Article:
We demonstrated a down-regulation of p-tau proteins in AD neuronal cells with an inhibitor of γ-secretase. In addition, neuronal cells differentiated from the patient iPSCs showed an up-regulation of a number of neuronal and biological processes, which include development of the nervous system, neurogenesis, WNT signaling pathway, the lysosome, glutathion metabolism as well as the alanine, aspartate and glutamate metabolism. Furthermore, the down-regulation of AD-related genes enabled us to successfully construct a protein association network using the STRING database reflecting the presence of AD-related disease mechanisms in our iPSCs model. Finally, we could show that gene regulation of the constitutive as well as of the inducible subunits of the proteasome complex is affected in iPSC-derived neurons from the AD patient compared to the healthy subject. Further investigations are needed to better understand the molecular basis of the onset and progression of Alzheimer’s disease. Elucidating the molecular mechanism of sporadic AD by modeling it via iPSC technology and protein association networks could provide valuable information needed to uncover appropriate strategies against the early onset of the disease.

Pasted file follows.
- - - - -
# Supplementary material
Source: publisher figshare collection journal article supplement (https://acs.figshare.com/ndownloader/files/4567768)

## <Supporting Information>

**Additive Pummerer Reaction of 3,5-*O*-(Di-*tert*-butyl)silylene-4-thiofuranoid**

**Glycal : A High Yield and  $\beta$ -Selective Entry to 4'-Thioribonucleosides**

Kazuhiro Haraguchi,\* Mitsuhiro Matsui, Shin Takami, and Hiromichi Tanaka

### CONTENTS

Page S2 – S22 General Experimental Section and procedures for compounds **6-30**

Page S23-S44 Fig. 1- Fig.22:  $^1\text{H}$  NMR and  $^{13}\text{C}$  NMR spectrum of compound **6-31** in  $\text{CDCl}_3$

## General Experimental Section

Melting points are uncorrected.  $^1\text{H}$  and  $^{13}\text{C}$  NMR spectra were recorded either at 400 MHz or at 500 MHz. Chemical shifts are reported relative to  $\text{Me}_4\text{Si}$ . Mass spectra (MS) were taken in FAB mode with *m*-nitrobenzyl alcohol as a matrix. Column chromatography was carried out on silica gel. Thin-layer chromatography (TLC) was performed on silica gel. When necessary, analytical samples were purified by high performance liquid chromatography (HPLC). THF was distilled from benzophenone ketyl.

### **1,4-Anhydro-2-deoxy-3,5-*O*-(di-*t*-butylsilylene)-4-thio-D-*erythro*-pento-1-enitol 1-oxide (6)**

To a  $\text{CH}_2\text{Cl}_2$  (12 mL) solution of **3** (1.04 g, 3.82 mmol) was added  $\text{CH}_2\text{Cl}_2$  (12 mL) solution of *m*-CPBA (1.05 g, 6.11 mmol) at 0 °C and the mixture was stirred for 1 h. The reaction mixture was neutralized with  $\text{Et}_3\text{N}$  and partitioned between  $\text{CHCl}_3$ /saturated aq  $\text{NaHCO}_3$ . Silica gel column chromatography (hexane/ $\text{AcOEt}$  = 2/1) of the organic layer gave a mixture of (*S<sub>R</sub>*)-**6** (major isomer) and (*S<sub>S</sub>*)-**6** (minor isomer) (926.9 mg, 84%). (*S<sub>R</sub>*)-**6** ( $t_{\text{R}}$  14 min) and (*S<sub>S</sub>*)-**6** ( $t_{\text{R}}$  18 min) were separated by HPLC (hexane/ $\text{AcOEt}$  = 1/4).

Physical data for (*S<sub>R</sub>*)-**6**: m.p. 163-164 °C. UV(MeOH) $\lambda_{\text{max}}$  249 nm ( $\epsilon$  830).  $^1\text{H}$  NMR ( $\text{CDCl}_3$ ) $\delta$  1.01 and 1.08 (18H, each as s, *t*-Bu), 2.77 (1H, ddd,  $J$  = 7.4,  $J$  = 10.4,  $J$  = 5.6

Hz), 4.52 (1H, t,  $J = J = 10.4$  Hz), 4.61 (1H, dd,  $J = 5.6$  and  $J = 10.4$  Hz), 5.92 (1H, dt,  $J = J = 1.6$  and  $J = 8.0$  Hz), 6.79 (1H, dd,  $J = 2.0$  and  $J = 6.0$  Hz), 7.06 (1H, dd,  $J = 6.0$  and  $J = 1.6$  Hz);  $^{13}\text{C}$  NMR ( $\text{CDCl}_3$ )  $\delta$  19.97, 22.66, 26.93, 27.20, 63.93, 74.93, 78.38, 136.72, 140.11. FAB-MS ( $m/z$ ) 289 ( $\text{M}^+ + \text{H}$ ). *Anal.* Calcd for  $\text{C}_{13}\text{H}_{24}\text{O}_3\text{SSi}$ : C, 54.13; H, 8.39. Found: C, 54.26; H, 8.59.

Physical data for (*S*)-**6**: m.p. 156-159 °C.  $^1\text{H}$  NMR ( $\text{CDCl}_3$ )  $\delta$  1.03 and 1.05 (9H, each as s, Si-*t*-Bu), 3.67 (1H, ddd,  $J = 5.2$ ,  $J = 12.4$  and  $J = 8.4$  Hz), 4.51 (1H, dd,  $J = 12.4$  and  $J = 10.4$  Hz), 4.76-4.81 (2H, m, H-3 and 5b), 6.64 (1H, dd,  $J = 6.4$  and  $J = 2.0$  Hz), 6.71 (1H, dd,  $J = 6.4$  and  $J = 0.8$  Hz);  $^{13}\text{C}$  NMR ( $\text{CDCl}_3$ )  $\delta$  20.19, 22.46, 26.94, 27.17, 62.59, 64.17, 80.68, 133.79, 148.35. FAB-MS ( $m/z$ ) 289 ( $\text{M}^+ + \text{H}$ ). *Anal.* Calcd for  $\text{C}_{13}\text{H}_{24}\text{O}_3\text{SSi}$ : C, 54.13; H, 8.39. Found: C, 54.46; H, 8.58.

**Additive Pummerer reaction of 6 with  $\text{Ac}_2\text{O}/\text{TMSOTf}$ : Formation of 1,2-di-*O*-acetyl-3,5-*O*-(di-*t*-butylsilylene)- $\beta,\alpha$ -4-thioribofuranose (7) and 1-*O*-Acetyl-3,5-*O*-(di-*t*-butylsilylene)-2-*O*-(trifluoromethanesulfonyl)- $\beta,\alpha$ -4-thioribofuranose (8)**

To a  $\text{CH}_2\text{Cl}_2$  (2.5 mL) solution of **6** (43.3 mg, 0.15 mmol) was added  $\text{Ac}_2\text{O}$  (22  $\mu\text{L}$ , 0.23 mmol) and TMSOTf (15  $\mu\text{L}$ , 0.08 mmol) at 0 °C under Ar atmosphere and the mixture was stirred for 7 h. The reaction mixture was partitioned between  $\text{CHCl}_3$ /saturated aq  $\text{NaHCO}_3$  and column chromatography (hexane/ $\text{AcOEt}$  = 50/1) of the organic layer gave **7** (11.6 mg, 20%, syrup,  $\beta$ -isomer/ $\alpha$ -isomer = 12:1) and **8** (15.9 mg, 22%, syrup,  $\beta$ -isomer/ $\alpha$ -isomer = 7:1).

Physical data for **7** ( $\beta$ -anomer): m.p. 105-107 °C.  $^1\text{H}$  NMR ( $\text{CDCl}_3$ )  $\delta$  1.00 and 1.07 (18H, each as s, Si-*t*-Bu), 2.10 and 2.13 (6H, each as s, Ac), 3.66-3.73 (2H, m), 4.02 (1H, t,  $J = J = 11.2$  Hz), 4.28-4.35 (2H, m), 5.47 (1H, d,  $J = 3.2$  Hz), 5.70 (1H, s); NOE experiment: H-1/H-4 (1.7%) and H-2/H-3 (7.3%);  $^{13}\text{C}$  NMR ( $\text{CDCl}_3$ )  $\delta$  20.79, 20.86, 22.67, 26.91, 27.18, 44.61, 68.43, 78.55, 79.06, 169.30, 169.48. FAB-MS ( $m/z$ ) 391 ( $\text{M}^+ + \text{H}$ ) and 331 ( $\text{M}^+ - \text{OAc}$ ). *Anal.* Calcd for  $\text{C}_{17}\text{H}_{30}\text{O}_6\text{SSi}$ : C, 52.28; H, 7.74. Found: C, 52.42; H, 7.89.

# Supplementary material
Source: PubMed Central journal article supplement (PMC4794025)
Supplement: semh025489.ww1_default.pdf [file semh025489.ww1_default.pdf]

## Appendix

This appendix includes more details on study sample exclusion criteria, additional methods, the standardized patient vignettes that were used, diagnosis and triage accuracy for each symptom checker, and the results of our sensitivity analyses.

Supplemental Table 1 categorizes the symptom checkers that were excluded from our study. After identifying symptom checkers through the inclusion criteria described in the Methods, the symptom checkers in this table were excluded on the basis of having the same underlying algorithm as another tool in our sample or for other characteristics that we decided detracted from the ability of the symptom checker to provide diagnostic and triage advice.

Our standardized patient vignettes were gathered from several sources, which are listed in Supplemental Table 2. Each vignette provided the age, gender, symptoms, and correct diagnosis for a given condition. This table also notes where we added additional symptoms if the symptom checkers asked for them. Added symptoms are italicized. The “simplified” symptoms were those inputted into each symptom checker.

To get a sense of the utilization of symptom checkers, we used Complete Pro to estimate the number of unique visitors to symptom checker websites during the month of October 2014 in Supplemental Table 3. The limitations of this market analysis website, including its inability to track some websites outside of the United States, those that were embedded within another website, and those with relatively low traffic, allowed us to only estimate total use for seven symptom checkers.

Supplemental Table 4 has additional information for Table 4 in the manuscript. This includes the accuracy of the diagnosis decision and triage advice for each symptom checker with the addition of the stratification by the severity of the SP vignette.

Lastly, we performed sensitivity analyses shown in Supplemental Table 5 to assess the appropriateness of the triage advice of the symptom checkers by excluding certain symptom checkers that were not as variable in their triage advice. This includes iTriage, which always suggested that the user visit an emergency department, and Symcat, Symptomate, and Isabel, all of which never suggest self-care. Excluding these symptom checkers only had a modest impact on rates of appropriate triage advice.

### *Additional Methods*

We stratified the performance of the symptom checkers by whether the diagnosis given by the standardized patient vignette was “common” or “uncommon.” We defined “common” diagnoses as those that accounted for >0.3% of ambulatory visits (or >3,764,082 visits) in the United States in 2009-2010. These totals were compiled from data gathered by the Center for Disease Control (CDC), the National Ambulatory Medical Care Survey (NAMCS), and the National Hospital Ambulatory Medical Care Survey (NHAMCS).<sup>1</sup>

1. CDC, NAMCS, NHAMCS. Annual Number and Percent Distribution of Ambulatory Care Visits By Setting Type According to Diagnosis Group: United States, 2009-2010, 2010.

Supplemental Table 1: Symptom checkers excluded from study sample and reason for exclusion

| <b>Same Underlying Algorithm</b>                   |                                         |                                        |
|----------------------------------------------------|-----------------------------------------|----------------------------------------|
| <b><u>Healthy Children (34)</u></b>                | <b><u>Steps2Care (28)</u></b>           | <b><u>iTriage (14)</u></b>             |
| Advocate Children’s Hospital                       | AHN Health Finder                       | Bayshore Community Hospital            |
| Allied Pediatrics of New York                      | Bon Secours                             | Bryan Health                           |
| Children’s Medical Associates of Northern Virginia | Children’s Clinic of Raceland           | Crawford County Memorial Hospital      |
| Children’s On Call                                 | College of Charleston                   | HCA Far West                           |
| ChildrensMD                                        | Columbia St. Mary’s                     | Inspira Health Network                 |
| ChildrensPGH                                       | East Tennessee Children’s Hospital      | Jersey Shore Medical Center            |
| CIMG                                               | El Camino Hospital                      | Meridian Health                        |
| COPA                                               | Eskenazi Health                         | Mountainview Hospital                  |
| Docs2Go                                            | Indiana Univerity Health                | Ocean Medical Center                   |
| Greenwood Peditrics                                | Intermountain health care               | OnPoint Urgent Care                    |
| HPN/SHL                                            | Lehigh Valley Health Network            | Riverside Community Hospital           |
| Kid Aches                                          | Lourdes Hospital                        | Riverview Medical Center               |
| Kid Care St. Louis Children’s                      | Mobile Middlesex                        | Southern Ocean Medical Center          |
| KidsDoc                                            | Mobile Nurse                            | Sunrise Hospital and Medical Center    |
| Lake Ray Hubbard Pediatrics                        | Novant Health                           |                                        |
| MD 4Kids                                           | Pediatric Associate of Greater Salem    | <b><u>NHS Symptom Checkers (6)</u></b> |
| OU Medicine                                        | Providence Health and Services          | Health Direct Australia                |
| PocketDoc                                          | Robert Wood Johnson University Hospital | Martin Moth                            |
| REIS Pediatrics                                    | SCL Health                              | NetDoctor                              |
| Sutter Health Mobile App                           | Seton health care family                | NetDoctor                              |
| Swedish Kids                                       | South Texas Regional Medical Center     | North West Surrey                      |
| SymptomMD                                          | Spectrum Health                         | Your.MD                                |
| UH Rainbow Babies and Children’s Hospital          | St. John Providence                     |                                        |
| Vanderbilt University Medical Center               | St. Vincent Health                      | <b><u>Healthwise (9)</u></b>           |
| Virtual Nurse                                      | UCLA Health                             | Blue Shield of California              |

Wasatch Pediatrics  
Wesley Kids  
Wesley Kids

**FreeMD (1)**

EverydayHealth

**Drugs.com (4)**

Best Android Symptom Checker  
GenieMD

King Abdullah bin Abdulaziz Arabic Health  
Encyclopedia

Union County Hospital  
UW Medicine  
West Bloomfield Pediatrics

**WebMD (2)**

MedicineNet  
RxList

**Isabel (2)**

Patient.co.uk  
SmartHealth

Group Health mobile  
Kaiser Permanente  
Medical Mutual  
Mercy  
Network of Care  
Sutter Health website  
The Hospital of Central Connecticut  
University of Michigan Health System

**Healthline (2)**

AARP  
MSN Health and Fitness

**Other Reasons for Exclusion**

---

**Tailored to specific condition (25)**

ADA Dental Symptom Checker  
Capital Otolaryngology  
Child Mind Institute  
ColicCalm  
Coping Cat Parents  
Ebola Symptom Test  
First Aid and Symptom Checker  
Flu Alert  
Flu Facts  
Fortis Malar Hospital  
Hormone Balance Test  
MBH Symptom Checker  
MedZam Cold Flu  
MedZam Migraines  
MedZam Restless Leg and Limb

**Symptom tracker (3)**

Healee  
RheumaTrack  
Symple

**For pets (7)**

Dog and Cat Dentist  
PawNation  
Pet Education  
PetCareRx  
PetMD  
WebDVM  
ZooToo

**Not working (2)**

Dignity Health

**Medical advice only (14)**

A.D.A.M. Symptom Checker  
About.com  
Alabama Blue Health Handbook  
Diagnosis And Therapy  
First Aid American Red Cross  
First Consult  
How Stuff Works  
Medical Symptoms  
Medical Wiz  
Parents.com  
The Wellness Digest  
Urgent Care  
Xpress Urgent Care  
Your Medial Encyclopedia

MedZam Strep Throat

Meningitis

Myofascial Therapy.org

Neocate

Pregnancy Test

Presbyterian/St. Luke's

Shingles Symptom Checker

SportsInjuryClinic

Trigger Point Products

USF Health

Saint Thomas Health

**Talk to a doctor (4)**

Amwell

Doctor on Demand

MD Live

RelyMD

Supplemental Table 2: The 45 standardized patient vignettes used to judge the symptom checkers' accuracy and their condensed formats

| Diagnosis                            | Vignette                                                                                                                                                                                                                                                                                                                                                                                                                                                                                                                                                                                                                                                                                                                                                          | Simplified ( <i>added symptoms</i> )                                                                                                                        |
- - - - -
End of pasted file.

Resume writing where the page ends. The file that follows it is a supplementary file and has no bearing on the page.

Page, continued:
Results

Generation and characterization of sporadic AD-iPSCs

Dermal fibroblasts were isolated from an 82-year-old woman diagnosed with final stage AD. The cell line was named NFH-46, and lack of AD-related mutations, such as APP, PSEN1 and PSEN2 [1,5], was confirmed by direct sequencing analysis (Additional file 1). HLA haplotype analysis in the AD donor did not reveal any association of HLA alleles to Morbus Alzheimer. The HLA-alleles HLA-A*01:01,*03:01; B*08,*35, C*04:01,*07:01, DRB1*03:01,*11:01 were found in NFH-46. However, the Alzheimer-related HLA-alleles HLA-A*02, HLA-B*07 and HLA-C*07:02 could not be detected.

AD-iPSCs were generated by retroviral transduction using the classical Yamanaka cocktail [27], which includes the four transcription factors OCT4, KLF4, SOX2, and c-MYC, as demonstrated previously [28]. In a single reprogramming experiment several colonies exhibiting hESC-like morphologies were identified and manually picked for expansion and characterization. Two iPSC lines, AD-iPS5 and AD-iPS26B, were successfully established from this reprogramming experiment and characterized with respect to pluripotency-associated properties. Both lines exhibited hESC-like morphologies (Figure 1), telomerase activity (Additional file 2), alkaline phosphatase (AP) activity (Additional file 3a), expression of pluripotency-associated markers NANOG, SSEA4, TRA-1-60, and TRA-1-81 (Figure 2), expression of pluripotency-associated genes such as NANOG, POU5F1, SOX2, LIN28, TDGF1, DPPA4, FGF4, GDF3, LEFTY1, LEFTY2 (Additional file 4) and the genetic fingerprinting pattern of the parental NFH-46 fibroblasts (Additional file 3b).